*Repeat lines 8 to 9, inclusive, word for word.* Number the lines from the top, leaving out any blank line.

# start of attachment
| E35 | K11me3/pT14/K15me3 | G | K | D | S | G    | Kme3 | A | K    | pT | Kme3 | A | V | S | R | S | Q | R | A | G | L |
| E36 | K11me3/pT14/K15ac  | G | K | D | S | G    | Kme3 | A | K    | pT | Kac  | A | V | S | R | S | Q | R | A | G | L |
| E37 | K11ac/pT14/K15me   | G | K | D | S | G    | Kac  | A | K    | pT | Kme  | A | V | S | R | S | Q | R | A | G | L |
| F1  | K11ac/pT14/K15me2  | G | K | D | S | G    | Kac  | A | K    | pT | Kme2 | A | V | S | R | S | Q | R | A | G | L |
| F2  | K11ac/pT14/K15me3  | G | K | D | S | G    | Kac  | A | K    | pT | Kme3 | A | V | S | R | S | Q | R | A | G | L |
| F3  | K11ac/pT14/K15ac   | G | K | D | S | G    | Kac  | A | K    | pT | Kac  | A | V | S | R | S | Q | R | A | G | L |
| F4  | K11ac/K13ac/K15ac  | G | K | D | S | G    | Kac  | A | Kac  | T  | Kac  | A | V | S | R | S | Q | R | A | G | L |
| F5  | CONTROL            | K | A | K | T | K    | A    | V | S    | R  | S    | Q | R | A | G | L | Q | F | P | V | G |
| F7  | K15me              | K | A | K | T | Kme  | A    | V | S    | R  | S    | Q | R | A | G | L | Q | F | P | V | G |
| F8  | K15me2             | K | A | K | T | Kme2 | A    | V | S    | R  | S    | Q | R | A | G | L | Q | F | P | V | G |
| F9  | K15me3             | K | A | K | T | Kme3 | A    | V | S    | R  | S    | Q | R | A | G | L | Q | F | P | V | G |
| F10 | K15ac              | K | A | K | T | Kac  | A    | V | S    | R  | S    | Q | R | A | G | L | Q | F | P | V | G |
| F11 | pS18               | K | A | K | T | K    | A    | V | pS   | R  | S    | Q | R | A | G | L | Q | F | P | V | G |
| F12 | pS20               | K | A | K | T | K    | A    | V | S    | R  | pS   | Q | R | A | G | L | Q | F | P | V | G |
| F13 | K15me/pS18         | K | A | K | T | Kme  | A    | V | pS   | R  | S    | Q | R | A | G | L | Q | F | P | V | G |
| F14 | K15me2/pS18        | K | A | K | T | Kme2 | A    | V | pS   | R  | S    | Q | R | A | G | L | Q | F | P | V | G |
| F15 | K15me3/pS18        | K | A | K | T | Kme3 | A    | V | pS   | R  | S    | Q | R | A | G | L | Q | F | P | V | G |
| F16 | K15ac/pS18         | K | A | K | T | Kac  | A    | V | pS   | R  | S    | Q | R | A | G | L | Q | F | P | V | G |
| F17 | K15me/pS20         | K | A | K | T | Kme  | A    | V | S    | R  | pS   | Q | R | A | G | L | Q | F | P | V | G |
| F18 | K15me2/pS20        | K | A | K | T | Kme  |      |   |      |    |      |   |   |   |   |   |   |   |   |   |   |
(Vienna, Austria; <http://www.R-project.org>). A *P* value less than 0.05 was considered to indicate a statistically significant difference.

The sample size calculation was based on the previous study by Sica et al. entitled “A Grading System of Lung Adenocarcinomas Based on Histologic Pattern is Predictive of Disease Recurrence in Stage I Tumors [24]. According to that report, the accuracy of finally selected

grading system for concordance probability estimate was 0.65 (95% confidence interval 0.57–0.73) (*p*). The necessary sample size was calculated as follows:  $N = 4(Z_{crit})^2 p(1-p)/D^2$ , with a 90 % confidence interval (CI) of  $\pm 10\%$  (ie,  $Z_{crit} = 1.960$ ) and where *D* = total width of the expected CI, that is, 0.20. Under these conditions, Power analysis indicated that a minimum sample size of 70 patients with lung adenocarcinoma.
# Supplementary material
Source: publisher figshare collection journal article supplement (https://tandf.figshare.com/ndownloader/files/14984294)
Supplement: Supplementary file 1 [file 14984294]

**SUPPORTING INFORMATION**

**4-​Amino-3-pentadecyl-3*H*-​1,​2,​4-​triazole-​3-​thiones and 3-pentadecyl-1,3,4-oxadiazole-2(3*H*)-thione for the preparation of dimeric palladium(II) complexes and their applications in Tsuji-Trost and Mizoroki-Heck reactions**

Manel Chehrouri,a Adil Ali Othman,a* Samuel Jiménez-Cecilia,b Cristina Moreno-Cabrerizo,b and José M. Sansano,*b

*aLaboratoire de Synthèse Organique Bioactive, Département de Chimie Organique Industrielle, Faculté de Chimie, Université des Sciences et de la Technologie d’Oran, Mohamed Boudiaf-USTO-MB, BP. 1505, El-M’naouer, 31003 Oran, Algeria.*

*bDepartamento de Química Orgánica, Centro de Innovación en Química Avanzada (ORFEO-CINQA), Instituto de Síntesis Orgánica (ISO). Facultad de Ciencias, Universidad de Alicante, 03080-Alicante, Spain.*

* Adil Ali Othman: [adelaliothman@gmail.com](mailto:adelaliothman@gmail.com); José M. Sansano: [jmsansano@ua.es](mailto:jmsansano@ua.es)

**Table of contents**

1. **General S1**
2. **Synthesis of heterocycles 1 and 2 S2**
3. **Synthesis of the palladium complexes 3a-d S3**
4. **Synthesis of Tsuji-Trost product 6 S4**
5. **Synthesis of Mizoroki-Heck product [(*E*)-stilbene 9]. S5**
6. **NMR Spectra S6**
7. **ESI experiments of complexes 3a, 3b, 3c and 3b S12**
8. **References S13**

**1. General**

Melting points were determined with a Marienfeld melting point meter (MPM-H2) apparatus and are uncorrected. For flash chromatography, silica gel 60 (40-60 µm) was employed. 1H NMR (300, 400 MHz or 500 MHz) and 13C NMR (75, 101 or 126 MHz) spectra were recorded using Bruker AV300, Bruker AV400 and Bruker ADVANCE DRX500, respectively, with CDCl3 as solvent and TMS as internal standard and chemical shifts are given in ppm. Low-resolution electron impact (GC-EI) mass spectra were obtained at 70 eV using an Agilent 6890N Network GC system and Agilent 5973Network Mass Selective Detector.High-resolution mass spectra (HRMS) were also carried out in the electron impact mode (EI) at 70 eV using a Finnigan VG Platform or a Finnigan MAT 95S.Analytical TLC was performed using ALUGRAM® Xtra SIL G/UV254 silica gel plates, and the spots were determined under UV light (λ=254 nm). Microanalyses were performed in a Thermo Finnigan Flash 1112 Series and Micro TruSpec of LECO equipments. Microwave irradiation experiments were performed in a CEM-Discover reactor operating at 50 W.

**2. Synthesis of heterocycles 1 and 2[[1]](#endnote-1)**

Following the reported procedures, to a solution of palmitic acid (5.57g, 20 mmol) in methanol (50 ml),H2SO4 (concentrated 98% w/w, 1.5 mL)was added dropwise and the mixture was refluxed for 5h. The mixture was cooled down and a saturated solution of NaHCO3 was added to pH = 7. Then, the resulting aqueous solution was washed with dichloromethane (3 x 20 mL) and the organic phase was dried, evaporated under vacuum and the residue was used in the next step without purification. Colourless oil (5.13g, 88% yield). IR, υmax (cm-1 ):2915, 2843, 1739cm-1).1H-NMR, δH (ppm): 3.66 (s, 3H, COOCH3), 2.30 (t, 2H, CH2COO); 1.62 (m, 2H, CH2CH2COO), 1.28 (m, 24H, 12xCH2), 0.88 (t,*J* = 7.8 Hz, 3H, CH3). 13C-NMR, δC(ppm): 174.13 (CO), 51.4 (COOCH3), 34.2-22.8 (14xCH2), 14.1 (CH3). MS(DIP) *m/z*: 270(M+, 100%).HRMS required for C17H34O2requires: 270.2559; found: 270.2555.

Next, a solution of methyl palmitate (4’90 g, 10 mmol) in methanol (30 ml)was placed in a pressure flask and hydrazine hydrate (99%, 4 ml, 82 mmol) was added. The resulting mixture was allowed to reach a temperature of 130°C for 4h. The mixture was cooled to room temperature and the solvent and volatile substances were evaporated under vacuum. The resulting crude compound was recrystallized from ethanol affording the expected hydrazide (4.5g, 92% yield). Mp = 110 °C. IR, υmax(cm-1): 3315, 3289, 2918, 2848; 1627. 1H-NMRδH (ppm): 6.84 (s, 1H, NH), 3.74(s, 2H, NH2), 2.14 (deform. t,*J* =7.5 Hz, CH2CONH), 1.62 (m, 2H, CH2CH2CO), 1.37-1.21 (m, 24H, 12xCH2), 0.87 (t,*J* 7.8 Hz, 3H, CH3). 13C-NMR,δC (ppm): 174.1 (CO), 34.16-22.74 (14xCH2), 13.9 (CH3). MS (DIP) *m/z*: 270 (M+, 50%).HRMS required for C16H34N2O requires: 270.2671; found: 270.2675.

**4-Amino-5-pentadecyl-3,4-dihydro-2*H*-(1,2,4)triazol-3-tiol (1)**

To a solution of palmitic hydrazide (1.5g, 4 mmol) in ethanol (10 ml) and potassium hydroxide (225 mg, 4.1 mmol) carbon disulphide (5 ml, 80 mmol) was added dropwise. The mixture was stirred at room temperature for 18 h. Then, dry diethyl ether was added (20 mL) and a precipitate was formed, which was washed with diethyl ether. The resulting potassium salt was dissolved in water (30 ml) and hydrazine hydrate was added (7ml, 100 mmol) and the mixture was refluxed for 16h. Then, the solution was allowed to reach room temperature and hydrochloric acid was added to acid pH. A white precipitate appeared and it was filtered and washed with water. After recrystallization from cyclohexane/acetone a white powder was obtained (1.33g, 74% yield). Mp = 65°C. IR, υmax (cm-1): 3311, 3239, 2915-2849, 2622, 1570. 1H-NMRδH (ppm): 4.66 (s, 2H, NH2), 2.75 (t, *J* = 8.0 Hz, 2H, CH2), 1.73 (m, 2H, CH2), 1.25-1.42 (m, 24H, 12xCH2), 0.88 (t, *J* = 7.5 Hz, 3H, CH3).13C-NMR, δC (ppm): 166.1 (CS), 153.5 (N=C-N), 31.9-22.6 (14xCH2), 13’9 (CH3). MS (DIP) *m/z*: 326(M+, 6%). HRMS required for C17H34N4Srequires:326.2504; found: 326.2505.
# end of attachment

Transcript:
| F5  | CONTROL            | K | A | K | T | K    | A    | V | S    | R  | S    | Q | R | A | G | L | Q | F | P | V | G |
| F7  | K15me              | K | A | K | T | Kme  | A    | V | S    | R  | S    | Q | R | A | G | L | Q | F | P | V | G |